DISCIPLINE IN THE CHILDREN'S HOUSE 383
two or three little jumps; then she took up the dish and carried
it to another table, always repeating her jumping. But never did
she interrupt her long round of work in serving twenty tables with
her soup-dish, and never did she relax the vigilance required for
controlling her movements.
The will, like every other function, is strengthened and deve-
loped by methodical exercise. In our method exercises of the
will are incorporated with all intellectual exercises and in the
everyday life of the child. Outwardly the child is learning
accuracy and grace of movement, refines his sensations, learns
to count and to write, but, as a more deep-seated result, he
becomes master of himself, the forerunner of the man of strong,
One often hears it said that the child's will should be sub-
ordinated in obedience, and that in this way that will is being
trained, because the child ought to submit and obey. But this
theory is irrational, because the child cannot give up what he does
not possess. It is in this way that we prevent him from cultivating
his own will-power, and commit the greatest sins against the child.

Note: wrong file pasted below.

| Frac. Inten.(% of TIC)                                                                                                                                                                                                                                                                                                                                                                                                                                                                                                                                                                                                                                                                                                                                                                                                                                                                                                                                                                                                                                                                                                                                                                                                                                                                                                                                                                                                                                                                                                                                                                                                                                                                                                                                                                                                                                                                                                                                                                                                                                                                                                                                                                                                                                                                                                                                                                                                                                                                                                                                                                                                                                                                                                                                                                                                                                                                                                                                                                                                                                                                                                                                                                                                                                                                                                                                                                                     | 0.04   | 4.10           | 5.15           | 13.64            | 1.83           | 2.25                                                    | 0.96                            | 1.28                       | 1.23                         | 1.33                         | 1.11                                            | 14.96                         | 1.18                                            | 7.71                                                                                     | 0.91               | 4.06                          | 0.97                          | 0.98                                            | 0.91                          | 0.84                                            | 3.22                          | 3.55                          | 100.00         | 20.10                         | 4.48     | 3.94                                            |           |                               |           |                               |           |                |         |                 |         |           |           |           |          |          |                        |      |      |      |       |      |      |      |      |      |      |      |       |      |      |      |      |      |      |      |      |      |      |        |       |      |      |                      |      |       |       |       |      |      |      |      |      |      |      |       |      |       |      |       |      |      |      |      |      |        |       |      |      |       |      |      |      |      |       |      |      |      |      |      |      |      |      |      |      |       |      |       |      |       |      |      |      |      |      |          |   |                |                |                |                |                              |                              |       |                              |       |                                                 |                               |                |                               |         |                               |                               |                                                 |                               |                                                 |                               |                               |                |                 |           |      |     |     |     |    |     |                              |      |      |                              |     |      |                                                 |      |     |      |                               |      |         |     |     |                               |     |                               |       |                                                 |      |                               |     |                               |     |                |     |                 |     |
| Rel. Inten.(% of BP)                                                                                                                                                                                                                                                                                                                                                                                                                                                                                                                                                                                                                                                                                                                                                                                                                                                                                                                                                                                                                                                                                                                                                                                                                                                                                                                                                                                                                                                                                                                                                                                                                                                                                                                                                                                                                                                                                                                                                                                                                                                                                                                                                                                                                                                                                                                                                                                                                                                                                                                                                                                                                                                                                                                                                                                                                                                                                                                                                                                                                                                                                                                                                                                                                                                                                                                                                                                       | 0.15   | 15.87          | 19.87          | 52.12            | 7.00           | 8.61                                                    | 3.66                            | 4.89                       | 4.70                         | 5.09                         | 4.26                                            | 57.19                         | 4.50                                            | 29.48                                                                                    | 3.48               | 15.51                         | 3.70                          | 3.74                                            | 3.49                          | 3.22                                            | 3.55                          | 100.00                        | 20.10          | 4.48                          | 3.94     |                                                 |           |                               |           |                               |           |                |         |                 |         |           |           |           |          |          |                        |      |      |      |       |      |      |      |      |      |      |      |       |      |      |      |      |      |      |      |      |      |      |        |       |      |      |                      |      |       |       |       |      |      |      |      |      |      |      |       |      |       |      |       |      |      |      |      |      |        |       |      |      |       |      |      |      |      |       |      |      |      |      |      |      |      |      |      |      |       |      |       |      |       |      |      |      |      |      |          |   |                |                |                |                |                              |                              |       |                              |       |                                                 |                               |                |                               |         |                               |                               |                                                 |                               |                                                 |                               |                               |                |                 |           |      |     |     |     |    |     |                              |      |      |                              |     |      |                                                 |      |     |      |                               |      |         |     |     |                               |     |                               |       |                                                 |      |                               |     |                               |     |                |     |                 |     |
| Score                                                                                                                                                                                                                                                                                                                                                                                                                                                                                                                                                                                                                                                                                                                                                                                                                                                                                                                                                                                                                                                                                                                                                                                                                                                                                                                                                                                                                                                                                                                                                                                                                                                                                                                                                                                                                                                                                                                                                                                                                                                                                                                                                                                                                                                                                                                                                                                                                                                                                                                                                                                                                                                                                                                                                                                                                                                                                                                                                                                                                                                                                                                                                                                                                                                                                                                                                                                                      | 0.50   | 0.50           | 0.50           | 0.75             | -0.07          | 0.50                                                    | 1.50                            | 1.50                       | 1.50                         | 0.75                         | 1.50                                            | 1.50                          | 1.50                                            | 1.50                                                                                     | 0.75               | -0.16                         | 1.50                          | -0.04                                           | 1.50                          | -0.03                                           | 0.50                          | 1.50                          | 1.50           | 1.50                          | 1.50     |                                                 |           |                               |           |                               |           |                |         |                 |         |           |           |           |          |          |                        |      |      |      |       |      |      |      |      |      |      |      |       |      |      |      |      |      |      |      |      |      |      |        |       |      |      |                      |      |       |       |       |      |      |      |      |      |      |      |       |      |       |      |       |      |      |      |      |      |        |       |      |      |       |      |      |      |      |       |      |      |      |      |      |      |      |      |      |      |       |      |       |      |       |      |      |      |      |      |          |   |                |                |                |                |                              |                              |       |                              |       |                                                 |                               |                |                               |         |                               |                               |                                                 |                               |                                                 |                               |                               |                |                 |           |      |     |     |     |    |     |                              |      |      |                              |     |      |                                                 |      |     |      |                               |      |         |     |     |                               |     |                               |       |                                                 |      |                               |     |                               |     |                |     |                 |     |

He is never allowed either the time or the means to test himself,
to evaluate his own strength or his limitations, because he is always
being interrupted and overborne by our superior power; he loses
heart over the injustice of his treatment when he hears himself
reproved sharply because he does not possess what is continually
being destroyed within him.
In this way there originates in the child timidity, which is a
kind of malady acquired by a will which cannot develop, and
which, in the usual slanderous fashion in which the tyrant,
deliberately or not, covers up his own errors, is considered among
us to be a characteristic of childhood.
Our children are never timid. One of the most fascinating of
their qualities is the fearlessness with which they approach those
with whom they are working in the presence of others, and show
what they are doing freely and with a desire to get them to
participate in their doings.